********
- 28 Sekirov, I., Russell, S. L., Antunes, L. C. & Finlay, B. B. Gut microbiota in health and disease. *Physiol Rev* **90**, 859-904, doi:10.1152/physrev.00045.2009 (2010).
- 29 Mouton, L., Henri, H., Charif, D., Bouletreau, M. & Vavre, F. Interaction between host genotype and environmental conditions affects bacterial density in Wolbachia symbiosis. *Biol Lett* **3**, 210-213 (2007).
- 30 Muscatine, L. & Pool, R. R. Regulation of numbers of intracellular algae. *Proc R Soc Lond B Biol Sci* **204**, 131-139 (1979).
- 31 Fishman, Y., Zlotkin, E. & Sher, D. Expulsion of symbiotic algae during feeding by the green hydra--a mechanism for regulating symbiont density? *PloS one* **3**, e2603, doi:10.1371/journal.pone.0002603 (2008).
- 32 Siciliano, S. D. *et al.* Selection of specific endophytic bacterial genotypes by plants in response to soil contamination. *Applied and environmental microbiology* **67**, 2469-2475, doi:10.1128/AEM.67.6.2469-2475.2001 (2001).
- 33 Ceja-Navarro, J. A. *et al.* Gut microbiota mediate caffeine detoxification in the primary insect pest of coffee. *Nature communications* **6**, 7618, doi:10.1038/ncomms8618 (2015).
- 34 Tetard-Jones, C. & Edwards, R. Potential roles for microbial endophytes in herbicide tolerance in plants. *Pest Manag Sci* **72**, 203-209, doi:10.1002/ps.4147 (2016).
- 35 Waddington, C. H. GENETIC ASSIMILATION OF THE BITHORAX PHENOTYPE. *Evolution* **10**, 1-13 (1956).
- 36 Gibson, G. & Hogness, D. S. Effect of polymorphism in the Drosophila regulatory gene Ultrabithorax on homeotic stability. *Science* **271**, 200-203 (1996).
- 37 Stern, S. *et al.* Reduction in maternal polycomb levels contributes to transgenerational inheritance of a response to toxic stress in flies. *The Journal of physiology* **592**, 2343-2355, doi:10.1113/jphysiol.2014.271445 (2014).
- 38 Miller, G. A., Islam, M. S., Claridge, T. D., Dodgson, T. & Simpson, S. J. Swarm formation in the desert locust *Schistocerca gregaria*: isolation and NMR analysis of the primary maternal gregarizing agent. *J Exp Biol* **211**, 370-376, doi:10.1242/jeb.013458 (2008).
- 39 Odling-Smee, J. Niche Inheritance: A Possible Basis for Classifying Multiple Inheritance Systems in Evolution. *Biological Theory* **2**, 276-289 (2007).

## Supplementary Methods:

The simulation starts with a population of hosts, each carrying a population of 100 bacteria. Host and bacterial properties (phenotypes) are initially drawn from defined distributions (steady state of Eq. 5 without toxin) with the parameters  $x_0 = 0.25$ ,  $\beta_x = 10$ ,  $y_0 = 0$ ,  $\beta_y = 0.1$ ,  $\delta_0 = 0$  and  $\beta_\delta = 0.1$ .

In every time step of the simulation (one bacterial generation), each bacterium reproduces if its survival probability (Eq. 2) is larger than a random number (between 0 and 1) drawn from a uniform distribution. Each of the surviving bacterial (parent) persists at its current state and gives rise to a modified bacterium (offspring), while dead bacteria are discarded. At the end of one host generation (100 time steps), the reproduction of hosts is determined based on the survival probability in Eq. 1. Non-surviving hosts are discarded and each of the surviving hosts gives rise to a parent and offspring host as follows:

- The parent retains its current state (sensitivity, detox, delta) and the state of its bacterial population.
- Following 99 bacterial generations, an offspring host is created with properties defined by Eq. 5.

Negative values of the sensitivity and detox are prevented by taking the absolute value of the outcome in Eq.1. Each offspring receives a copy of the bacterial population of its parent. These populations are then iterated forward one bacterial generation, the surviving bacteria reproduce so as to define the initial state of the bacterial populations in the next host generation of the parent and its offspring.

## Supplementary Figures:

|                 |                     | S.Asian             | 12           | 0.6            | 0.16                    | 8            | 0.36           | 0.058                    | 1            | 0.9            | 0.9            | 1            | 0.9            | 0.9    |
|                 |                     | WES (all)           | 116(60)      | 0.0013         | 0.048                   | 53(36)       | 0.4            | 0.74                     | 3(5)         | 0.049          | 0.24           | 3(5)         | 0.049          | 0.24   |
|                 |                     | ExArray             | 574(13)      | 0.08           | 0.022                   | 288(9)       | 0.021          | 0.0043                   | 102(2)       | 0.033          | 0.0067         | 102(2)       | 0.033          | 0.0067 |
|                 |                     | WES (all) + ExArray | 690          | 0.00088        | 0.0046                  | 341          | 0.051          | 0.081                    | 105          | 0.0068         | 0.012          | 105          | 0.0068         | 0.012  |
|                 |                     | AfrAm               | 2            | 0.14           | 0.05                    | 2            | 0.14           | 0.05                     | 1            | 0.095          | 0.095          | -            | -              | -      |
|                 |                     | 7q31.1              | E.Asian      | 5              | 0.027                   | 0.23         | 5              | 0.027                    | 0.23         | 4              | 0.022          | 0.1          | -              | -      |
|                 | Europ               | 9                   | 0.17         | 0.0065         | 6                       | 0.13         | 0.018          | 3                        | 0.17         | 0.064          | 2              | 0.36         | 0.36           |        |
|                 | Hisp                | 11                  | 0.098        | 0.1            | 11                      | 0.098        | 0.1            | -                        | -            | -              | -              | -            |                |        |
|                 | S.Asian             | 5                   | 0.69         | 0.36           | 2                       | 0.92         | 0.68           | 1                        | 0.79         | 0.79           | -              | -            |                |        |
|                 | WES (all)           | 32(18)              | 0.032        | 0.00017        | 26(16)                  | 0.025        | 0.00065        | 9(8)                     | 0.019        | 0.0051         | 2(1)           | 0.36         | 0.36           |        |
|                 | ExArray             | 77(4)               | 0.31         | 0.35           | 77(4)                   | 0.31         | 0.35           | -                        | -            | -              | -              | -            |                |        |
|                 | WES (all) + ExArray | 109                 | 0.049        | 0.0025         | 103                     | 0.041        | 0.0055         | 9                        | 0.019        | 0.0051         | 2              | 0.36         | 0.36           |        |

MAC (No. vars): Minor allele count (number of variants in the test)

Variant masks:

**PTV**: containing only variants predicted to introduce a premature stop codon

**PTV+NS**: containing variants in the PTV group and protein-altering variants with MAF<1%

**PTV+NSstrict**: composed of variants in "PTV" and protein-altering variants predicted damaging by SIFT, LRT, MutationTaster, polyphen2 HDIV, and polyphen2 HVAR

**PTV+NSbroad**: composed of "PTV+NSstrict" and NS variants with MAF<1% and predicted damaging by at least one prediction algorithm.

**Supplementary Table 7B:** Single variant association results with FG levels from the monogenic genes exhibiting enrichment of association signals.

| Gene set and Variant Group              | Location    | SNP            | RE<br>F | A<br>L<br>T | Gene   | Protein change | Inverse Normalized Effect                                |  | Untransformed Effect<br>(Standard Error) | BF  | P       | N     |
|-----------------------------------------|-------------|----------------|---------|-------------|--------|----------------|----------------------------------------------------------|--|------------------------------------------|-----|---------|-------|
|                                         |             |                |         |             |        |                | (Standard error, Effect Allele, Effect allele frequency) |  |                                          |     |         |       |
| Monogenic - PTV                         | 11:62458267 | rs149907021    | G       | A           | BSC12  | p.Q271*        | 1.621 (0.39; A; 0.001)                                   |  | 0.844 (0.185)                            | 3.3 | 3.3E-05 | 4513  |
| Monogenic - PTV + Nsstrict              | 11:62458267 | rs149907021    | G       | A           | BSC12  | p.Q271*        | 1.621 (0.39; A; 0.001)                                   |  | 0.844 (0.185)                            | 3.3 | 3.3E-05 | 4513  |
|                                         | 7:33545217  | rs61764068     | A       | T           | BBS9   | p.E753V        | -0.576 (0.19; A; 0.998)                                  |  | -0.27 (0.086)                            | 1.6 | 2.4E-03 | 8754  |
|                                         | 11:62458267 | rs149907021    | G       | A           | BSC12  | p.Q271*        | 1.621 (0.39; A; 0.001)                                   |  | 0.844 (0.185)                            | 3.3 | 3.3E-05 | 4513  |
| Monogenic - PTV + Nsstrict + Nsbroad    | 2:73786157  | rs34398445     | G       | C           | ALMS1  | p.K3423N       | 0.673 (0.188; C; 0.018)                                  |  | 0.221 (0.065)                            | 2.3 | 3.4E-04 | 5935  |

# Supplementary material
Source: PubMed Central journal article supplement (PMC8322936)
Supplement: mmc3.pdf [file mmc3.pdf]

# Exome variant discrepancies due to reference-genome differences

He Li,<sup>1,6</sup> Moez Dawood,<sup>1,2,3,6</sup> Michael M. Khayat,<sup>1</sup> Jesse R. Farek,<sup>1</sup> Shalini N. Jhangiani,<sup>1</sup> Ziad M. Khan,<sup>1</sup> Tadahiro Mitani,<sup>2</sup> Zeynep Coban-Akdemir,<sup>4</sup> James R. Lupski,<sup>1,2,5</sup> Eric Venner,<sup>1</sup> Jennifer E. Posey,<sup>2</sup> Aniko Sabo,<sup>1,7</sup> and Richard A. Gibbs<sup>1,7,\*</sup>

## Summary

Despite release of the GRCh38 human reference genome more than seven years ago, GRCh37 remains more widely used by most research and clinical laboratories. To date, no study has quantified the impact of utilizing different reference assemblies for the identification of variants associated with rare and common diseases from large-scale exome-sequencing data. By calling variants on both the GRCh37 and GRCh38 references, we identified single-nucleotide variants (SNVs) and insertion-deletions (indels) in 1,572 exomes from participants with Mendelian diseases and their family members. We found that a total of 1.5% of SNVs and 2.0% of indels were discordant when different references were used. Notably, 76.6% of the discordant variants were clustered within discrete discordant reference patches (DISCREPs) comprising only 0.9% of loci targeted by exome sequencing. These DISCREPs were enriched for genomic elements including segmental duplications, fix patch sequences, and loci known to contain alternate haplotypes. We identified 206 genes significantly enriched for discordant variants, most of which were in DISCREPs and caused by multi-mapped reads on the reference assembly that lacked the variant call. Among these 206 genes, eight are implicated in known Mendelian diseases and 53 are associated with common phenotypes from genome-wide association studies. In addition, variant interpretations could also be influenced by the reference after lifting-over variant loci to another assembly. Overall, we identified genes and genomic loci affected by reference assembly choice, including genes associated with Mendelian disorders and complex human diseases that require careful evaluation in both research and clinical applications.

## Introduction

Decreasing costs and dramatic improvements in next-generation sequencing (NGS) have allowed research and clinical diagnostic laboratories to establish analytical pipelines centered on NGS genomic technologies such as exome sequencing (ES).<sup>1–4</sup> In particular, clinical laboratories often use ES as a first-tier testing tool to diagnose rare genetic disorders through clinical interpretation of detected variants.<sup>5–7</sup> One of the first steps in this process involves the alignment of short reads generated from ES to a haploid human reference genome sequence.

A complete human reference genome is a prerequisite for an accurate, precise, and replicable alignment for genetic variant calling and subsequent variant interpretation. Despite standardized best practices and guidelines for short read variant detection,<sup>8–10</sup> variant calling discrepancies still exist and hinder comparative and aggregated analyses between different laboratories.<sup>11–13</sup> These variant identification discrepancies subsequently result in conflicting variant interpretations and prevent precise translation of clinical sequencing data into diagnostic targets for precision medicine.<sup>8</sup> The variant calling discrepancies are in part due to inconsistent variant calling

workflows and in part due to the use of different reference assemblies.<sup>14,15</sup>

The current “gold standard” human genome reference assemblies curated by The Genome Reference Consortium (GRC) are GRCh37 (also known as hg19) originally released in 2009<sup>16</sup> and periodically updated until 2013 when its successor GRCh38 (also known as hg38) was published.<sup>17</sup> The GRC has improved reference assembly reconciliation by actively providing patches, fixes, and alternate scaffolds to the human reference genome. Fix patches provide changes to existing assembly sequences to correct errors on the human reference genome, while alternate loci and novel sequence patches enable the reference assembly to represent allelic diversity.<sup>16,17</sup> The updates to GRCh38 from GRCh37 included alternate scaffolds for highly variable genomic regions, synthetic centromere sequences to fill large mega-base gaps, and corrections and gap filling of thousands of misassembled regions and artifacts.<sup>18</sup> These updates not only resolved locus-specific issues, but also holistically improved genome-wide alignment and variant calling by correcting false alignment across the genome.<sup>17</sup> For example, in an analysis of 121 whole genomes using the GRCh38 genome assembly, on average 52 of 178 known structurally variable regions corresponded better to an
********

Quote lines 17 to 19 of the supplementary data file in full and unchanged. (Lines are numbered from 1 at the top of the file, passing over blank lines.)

- Following 99 bacterial generations, an offspring host is created with properties defined by Eq. 5.

Negative values of the sensitivity and detox are prevented by taking the absolute value of the outcome in Eq.1. Each offspring receives a copy of the bacterial population of its parent. These populations are then iterated forward one bacterial generation, the surviving bacteria reproduce so as to define the initial state of the bacterial populations in the next host generation of the parent and its offspring.

## Supplementary Figures: